Advertisement

Cyclodextrin-Based Supramolecular Hydrogel

  • Qian Zhao
  • Yong Chen
  • Yu LiuEmail author
Living reference work entry

Abstract

Cyclodextrins (CDs), as a kind of cyclic host molecules, have been widely investigated due to their specific complexation with a series of guest molecules of matched sizes and properties. And gels, possessing advantages of both elasticity and mobility, are under fast development in soft material field, while supramolecular CD gels combining both CD hosts’ specific binding ability and gels’ soft characteristic are playing an increasingly important role in various kinds of materials. Therefore, we focus on a summary of fabrications and applications of supramolecular CD gels in this chapter. Firstly, we will discuss CD gels based on polyrotaxanes and pseudopolyrotaxanes and complex with small guest molecules. Then related researches on the applications of CD gels including biologic, sensing, separation, and smart materials will be summarized. We hope this chapter could provide a reference or inspirations for chemists working on supramolecular gels.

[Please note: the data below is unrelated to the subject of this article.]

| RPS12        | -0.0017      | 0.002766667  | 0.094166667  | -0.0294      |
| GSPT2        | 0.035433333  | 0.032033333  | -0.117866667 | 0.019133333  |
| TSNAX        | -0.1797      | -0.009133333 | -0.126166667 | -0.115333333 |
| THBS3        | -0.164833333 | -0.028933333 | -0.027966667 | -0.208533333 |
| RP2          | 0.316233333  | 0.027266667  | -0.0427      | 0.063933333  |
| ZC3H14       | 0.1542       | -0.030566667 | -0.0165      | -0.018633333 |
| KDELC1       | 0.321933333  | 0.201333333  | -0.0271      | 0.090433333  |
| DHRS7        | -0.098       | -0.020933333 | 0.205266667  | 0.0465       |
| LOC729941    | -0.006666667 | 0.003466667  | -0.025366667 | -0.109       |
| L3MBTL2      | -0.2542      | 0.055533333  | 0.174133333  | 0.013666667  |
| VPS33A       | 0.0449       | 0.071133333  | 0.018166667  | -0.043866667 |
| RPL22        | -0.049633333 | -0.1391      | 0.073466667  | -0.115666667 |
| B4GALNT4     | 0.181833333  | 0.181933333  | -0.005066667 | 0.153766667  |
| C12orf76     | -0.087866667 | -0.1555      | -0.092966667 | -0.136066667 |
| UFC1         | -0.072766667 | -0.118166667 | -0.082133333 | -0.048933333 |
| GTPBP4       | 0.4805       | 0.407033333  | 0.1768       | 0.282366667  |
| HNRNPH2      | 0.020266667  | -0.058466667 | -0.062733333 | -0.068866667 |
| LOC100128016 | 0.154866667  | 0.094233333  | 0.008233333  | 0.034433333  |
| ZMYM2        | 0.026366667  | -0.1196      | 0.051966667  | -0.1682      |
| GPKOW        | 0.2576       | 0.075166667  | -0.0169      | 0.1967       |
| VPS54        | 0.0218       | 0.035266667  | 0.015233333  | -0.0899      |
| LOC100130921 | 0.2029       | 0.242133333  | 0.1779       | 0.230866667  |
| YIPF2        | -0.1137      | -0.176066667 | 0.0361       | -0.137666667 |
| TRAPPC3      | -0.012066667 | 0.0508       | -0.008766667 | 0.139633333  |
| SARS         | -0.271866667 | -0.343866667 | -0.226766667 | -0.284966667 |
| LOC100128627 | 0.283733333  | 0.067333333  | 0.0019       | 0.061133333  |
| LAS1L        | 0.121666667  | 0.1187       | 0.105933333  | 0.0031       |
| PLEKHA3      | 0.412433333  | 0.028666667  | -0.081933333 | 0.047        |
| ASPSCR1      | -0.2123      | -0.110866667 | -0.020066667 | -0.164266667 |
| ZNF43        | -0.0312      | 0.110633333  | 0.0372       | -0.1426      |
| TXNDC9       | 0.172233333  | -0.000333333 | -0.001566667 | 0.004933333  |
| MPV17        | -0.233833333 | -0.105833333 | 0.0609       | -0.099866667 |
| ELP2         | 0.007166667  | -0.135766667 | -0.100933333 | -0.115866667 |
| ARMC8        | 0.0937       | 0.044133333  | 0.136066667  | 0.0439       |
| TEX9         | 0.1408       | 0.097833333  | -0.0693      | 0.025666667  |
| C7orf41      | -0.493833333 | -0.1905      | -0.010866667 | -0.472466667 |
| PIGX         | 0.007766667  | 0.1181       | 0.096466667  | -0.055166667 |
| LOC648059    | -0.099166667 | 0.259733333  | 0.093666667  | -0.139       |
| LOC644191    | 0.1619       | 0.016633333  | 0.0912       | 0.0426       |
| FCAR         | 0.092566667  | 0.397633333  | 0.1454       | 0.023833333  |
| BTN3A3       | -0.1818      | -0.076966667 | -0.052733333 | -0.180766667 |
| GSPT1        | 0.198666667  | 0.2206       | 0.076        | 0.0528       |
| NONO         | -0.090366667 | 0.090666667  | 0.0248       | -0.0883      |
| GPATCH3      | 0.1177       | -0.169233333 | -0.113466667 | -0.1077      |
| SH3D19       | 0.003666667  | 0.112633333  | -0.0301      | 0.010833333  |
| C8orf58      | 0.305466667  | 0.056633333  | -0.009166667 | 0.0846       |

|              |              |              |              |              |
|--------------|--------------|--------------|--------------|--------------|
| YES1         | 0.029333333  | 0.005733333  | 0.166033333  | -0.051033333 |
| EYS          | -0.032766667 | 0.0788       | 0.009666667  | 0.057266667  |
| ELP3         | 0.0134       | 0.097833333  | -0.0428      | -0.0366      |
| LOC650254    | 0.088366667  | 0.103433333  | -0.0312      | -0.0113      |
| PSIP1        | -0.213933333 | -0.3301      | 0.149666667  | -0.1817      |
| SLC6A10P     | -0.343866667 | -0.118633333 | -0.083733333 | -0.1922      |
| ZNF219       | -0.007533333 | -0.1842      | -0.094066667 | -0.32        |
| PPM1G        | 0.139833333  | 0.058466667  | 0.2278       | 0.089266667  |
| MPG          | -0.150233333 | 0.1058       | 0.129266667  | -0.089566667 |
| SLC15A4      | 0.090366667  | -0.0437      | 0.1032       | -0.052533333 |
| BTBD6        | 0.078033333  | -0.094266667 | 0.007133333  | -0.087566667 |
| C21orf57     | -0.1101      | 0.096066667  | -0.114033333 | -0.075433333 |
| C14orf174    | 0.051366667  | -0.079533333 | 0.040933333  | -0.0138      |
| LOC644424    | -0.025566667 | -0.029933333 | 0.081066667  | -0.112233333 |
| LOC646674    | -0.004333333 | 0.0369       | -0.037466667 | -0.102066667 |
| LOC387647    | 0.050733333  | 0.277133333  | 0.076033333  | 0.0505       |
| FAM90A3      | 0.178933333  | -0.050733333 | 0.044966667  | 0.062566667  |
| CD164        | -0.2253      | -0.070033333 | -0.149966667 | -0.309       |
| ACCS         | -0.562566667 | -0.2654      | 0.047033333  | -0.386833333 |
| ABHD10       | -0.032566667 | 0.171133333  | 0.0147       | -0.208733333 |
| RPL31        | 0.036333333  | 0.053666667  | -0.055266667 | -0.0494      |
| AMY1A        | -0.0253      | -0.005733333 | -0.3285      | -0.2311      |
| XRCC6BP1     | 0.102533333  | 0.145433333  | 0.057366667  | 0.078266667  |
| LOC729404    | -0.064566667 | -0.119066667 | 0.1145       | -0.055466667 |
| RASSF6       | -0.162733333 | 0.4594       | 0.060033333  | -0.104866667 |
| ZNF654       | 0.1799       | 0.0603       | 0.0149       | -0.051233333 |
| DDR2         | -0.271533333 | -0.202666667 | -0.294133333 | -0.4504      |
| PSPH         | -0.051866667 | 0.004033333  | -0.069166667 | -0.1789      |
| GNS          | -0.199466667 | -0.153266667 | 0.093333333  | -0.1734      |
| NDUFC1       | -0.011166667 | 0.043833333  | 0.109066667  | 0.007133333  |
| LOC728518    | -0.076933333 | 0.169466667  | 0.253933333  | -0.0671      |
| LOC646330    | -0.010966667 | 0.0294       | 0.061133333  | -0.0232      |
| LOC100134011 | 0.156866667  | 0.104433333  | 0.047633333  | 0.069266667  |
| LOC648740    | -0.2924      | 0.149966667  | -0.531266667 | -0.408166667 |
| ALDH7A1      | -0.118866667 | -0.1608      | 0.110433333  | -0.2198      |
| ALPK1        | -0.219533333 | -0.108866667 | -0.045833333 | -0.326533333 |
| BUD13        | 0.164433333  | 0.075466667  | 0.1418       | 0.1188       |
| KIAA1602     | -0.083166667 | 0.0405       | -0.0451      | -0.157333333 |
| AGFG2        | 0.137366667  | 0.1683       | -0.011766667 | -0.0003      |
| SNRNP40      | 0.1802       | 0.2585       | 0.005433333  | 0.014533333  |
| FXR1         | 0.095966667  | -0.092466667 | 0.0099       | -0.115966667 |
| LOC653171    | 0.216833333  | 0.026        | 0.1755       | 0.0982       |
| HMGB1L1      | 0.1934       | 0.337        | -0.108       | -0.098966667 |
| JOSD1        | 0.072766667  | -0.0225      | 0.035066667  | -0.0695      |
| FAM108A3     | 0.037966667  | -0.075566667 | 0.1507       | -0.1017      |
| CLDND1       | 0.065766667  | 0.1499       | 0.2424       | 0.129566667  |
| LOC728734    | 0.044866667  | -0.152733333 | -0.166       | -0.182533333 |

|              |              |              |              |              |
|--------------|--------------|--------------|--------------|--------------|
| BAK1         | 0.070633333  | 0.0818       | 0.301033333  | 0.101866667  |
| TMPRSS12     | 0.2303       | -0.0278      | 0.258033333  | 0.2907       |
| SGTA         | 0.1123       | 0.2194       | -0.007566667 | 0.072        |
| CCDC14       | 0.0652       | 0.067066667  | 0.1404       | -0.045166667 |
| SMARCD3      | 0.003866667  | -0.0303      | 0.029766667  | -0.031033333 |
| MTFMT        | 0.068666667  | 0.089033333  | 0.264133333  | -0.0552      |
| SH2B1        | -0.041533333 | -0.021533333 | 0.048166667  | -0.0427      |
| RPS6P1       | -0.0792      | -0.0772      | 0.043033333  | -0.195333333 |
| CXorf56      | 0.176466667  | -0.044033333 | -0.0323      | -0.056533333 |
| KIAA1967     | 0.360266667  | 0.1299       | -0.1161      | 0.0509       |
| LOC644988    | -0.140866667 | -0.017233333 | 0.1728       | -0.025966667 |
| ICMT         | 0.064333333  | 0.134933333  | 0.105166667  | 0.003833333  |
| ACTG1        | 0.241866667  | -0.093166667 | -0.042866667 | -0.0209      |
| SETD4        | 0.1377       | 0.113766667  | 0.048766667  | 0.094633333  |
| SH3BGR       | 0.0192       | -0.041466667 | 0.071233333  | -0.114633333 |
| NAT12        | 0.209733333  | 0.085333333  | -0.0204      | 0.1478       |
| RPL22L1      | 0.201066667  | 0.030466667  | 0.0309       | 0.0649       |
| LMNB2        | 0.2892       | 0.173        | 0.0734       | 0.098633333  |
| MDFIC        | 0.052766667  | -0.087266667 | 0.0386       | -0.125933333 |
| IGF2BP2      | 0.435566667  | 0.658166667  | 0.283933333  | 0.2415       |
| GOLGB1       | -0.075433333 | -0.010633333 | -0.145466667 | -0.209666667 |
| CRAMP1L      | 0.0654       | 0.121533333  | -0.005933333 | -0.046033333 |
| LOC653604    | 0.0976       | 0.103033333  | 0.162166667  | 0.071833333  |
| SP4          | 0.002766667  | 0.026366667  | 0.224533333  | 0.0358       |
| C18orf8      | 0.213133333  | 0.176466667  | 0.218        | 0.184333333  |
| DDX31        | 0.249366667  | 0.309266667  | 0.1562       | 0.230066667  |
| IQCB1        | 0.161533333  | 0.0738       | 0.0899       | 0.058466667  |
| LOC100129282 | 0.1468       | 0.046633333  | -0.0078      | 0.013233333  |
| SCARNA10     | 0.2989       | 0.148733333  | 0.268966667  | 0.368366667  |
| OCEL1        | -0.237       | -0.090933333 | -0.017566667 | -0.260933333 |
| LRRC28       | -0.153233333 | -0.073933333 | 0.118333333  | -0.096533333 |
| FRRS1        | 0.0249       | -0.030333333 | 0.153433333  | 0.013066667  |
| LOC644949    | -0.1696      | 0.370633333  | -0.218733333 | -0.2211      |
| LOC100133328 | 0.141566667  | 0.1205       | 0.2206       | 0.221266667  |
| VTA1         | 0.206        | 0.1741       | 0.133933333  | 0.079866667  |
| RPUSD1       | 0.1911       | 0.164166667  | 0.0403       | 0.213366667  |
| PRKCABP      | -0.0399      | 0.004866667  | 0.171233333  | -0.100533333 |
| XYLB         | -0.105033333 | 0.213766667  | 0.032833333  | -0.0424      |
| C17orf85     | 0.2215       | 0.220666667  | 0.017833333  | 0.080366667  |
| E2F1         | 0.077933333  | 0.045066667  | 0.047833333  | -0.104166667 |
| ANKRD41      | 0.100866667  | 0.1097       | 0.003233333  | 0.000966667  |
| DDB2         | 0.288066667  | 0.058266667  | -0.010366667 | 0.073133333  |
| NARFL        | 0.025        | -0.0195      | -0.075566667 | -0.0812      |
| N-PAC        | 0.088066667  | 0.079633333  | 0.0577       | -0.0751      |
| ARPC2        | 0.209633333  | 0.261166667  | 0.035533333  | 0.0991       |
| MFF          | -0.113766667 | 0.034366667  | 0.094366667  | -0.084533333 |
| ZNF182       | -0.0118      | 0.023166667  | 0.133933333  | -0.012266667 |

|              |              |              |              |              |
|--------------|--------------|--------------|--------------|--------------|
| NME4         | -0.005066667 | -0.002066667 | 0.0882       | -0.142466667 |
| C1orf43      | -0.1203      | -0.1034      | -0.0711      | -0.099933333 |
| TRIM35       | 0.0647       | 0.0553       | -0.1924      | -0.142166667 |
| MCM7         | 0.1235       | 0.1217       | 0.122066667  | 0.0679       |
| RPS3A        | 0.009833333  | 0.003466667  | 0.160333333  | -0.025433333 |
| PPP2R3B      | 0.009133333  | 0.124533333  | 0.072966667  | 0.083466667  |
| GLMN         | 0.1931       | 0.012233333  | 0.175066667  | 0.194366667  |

Notes

Acknowledgment

We thank NNSFC (21432004, 21672113, 21772099, 21861132001) for the financial support.

References

  1. 1.
    Lai W-F, Rogach AL, Wong W-T (2017) Chemistry and engineering of cyclodextrins for molecular imaging. Chem Soc Rev 46:6379–6419CrossRefGoogle Scholar
  2. 2.